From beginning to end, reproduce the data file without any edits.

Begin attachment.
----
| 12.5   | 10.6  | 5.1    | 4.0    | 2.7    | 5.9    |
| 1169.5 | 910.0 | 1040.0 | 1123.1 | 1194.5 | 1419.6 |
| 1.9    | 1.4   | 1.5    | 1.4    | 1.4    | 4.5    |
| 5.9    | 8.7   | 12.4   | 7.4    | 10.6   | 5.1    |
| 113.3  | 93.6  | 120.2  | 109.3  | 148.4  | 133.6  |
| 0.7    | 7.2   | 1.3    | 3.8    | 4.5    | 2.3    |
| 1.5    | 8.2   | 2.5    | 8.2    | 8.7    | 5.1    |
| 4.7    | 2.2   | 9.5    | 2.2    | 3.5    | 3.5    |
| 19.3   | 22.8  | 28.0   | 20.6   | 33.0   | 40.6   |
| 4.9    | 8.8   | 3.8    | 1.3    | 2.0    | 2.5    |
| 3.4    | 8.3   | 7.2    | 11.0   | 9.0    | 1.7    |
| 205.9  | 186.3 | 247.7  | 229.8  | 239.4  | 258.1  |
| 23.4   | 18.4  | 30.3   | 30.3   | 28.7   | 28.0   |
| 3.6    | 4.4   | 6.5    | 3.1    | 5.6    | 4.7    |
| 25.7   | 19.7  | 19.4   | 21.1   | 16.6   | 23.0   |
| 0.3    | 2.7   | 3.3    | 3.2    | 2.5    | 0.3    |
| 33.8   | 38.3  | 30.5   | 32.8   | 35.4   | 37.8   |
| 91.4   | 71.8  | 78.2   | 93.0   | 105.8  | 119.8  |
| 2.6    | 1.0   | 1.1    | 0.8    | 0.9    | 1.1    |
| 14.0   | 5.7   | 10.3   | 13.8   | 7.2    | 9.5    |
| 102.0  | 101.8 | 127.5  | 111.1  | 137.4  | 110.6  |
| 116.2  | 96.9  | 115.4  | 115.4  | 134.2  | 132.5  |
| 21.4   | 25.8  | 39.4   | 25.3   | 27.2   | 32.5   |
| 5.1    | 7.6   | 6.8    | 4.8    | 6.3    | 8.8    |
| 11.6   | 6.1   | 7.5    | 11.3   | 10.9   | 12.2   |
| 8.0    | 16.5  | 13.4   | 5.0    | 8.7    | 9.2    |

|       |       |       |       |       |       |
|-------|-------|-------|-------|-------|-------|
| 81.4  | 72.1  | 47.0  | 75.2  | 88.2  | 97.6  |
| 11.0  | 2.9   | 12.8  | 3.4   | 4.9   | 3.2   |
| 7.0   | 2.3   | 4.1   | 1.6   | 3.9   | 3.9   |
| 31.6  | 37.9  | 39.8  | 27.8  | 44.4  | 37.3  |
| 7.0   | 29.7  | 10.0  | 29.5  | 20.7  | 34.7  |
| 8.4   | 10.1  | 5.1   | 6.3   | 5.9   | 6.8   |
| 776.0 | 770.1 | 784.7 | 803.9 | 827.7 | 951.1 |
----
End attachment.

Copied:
| 12.5   | 10.6  | 5.1    | 4.0    | 2.7    | 5.9    |
| 1169.5 | 910.0 | 1040.0 | 1123.1 | 1194.5 | 1419.6 |
| 1.9    | 1.4   | 1.5    | 1.4    | 1.4    | 4.5    |
| 5.9    | 8.7   | 12.4   | 7.4    | 10.6   | 5.1    |
| 113.3  | 93.6  | 120.2  | 109.3  | 148.4  | 133.6  |
| 0.7    | 7.2   | 1.3    | 3.8    | 4.5    | 2.3    |
| 1.5    | 8.2   | 2.5    | 8.2    | 8.7    | 5.1    |
| 4.7    | 2.2   | 9.5    | 2.2    | 3.5    | 3.5    |
| 19.3   | 22.8  | 28.0   | 20.6   | 33.0   | 40.6   |
| 4.9    | 8.8   | 3.8    | 1.3    | 2.0    | 2.5    |
| 3.4    | 8.3   | 7.2    | 11.0   | 9.0    | 1.7    |
| 205.9  | 186.3 | 247.7  | 229.8  | 239.4  | 258.1  |
| 23.4   | 18.4  | 30.3   | 30.3   | 28.7   | 28.0   |
| 3.6    | 4.4   | 6.5    | 3.1    | 5.6    | 4.7    |
| 25.7   | 19.7  | 19.4   | 21.1   | 16.6   | 23.0   |
| 0.3    | 2.7   | 3.3    | 3.2    | 2.5    | 0.3    |
| 33.8   | 38.3  | 30.5   | 32.8   | 35.4   | 37.8   |
| 91.4   | 71.8  | 78.2   | 93.0   | 105.8  | 119.8  |
| 2.6    | 1.0   | 1.1    | 0.8    | 0.9    | 1.1    |
| 14.0   | 5.7   | 10.3   | 13.8   | 7.2    | 9.5    |
| 102.0  | 101.8 | 127.5  | 111.1  | 137.4  | 110.6  |
| 116.2  | 96.9  | 115.4  | 115.4  | 134.2  | 132.5  |
| 21.4   | 25.8  | 39.4   | 25.3   | 27.2   | 32.5   |
| 5.1    | 7.6   | 6.8    | 4.8    | 6.3    | 8.8    |
| 11.6   | 6.1   | 7.5    | 11.3   | 10.9   | 12.2   |
| 8.0    | 16.5  | 13.4   | 5.0    | 8.7    | 9.2    |

|       |       |       |       |       |       |
|-------|-------|-------|-------|-------|-------|
| 81.4  | 72.1  | 47.0  | 75.2  | 88.2  | 97.6  |
| 11.0  | 2.9   | 12.8  | 3.4   | 4.9   | 3.2   |
| 7.0   | 2.3   | 4.1   | 1.6   | 3.9   | 3.9   |
| 31.6  | 37.9  | 39.8  | 27.8  | 44.4  | 37.3  |
| 7.0   | 29.7  | 10.0  | 29.5  | 20.7  | 34.7  |
| 8.4   | 10.1  | 5.1   | 6.3   | 5.9   | 6.8   |
| 776.0 | 770.1 | 784.7 | 803.9 | 827.7 | 951.1 |